Thursday, April 14, 2016

Paper Folding to the Moon

If you folded this piece of paper in half, it would now be twice as thick as it was before:

So my question is this: how many times would you have to fold this paper onto itself to reach the Moon? I’ll give you a chance to guess, so pick the closest one from the options below.

Well, let’s see how we’d figure it out. I don’t know how thick one piece of paper is, but I know it’s pretty thin. I can, however, estimate how big those 500 page reams are. They’re about 2 inches high, so maybe that’s about 5 cm. That means one page is about 0.01 cm high. And what of the Moon?

Mean distance from the Earth is about 384,000 km, or about 3.84 x 1012 pages away. So you’d expect that you’ll need an awful lot of foldings to get there, right? Well, hang on for a second.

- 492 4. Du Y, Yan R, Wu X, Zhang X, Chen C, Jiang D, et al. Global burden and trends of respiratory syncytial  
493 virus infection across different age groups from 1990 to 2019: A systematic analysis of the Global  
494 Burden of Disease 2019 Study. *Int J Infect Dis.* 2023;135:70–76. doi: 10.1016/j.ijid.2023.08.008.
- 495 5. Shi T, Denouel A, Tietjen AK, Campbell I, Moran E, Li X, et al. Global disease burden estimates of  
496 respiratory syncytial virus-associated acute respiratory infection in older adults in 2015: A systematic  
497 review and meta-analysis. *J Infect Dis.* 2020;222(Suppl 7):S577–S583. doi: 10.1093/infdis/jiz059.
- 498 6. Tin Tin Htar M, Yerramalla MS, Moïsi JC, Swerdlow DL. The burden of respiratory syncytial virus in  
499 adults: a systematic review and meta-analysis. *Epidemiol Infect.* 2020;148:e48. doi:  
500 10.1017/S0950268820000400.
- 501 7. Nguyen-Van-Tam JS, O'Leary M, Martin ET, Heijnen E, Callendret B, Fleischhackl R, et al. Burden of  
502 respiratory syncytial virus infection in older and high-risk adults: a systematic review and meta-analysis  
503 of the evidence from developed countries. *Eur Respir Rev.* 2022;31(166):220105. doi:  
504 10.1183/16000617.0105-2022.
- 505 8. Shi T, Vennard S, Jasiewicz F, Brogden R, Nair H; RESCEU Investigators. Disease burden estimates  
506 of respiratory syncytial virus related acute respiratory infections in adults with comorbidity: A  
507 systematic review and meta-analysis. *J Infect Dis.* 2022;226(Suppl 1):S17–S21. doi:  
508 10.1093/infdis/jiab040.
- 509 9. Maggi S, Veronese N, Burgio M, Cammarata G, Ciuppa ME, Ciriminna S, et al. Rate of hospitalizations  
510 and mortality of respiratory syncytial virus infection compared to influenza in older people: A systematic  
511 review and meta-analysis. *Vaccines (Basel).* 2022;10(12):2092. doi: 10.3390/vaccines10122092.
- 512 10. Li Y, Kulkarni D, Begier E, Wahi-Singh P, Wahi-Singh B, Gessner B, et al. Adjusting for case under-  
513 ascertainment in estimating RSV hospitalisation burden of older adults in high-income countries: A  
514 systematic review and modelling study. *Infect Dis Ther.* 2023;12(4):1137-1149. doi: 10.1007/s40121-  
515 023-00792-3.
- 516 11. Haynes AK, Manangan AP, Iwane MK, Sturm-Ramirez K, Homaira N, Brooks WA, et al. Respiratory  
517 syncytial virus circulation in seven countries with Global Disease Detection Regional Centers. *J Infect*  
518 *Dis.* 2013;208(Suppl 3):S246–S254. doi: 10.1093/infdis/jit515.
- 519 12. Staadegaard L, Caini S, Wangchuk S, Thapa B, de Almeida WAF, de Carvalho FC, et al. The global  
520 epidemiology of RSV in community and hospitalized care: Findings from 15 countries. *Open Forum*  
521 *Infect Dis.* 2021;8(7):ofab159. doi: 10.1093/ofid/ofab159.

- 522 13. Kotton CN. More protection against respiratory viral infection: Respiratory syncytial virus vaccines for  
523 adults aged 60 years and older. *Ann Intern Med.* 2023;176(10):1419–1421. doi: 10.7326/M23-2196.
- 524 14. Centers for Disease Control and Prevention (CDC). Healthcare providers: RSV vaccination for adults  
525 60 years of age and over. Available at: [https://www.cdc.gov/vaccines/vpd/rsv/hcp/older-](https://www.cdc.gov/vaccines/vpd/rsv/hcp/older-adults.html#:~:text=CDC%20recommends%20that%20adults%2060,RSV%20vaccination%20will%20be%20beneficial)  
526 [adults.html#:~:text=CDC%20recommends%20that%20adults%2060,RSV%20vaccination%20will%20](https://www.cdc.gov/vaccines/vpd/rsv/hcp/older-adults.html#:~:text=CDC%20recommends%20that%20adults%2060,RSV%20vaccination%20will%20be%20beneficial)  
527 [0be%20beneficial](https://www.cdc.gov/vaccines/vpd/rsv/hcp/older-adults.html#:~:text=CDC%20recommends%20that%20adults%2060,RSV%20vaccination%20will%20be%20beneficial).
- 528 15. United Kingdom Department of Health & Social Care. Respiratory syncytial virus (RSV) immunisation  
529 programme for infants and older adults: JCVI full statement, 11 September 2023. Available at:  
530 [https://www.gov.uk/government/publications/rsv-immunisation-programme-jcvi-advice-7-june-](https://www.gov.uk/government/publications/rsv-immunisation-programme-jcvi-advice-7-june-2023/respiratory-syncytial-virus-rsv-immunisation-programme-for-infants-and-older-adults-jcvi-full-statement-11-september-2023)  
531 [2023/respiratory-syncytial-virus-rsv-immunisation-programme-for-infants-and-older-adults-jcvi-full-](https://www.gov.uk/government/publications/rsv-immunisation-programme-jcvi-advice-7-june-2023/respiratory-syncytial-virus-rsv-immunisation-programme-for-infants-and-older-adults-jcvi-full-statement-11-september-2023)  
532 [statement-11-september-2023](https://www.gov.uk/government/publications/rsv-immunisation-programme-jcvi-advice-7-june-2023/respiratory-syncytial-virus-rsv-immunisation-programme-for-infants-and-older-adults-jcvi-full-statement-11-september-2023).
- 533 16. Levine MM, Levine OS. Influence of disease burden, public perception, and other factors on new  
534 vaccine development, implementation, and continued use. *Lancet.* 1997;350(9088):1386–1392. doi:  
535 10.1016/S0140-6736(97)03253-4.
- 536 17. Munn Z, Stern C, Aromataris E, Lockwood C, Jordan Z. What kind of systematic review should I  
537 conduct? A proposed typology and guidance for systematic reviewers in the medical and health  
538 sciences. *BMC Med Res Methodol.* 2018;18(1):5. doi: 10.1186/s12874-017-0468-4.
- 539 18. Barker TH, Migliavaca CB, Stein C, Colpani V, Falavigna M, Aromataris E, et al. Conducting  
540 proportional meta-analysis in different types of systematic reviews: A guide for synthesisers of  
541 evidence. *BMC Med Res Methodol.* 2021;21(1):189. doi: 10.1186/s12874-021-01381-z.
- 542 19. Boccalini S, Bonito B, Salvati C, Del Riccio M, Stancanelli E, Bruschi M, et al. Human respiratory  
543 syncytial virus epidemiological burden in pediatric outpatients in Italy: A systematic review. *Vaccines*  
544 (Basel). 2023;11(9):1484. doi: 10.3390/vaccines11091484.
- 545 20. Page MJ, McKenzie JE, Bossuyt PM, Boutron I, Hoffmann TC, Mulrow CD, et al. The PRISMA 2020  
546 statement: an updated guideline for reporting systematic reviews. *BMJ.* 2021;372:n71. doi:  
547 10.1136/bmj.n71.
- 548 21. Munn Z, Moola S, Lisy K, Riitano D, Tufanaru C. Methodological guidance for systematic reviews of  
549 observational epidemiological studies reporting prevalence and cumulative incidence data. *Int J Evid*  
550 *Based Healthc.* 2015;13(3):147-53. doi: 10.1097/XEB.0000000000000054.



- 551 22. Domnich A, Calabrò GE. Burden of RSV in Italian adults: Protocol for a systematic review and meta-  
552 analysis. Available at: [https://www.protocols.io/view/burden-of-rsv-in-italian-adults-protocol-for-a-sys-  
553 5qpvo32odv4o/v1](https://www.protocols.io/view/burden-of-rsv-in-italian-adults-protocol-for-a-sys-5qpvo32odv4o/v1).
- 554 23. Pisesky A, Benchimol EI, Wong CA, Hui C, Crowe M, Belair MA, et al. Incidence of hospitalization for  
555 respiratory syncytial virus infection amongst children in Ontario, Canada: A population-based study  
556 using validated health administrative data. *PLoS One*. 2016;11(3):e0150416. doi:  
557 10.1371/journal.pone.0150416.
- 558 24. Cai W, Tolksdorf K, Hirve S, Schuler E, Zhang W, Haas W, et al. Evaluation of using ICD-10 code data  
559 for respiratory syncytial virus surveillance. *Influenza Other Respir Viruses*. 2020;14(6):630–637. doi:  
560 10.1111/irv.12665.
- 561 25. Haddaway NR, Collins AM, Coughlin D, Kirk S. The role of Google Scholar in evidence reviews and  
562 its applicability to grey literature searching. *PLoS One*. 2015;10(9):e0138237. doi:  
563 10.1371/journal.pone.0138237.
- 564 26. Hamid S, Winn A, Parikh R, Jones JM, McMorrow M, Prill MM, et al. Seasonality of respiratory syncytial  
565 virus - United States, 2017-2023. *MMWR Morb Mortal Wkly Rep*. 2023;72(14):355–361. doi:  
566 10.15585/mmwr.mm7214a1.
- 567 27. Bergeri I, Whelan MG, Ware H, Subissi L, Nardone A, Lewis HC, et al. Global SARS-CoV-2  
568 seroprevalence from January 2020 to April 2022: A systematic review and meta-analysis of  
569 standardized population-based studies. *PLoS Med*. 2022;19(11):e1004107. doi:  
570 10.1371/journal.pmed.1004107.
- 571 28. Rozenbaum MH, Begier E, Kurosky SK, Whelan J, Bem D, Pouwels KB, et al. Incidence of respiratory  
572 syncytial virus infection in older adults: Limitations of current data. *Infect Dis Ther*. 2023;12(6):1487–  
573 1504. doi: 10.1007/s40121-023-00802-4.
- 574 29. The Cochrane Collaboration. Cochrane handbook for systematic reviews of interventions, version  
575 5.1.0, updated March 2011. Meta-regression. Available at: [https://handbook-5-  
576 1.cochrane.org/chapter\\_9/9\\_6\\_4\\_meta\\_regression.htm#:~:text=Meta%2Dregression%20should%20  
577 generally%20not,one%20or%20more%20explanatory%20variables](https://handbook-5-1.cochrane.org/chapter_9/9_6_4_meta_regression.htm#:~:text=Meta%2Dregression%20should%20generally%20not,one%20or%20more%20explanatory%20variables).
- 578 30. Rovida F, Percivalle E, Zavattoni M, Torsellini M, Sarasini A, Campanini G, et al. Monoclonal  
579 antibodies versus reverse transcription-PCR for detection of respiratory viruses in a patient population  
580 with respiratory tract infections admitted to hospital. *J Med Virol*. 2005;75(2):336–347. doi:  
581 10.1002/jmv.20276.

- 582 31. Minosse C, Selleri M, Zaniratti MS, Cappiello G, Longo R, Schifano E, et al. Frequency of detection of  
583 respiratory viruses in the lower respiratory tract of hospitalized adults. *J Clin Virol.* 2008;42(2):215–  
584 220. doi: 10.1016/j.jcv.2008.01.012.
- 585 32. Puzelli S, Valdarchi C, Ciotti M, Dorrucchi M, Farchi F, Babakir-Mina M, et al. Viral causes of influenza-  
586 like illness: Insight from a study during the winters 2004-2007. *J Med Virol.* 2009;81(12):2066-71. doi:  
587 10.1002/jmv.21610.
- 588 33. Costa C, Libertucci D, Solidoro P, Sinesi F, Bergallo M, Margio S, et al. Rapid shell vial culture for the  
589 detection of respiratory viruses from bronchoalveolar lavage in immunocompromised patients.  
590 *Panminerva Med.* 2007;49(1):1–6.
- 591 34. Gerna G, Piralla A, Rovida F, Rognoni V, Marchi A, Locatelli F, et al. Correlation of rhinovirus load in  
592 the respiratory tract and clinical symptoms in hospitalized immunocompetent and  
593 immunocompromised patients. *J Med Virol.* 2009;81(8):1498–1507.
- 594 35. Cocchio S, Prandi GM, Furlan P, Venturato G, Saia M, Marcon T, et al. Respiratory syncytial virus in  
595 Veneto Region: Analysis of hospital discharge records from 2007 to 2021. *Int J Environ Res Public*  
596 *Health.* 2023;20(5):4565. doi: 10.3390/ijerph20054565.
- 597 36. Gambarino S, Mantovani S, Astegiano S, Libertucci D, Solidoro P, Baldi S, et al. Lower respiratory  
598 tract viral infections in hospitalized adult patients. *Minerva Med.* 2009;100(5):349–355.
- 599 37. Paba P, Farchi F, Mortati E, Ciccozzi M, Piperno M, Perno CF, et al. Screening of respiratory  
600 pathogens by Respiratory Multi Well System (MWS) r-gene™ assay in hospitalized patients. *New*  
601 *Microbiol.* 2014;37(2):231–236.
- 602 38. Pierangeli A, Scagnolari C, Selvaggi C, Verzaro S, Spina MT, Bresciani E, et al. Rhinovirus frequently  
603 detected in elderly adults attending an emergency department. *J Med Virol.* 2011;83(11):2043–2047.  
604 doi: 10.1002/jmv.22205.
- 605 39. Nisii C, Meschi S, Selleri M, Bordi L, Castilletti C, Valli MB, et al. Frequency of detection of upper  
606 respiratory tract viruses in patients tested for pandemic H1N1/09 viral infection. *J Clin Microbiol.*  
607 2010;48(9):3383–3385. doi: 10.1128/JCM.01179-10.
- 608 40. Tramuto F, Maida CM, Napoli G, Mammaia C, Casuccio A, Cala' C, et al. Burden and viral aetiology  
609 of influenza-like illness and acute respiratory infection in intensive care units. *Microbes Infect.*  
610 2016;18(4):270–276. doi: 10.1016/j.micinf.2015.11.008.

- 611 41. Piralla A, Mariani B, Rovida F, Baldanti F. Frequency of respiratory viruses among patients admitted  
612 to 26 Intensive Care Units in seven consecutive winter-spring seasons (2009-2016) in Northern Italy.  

When I start with an unfolded page (zero foldings), it’s one page thick. When I fold a page once, it will be 2 pages thick. But — and this is key — when I fold it twice on itself, it’s not three, but 4 pages thick.

If I fold it a third time, I’ll see that it’s 8 pages thick. Can you see a pattern here? Paper folding is exponential, so that if I fold it a fourth time, it’ll be 16 pages thick (so that option is clearly wrong), a fifth time will give me 32 pages thick, and so on. By time I get to 9 foldings, my folded paper is bigger than my original ream of 500 sheets. By time I get to 20 foldings, my folded paper is more than 10 kilometers high, which surpasses Mt. Everest. 41 foldings will get me slightly more than halfway to the Moon, so that means that 42 foldings is all it takes! (Of course, good luck folding a real piece of paper more than 7 or 8 times…)

Pretty incredible, isn’t it? But that’s the power of an exponential, that it lets you turn small things into huge things by simply compounding what you have over and over again. And incredibly, it only takes 42 foldings of a paper to get from the Earth to the Moon, and only about 94 foldings of a paper to make something the size of the entire visible Universe! And how surprised are you that the answer is so small a number?

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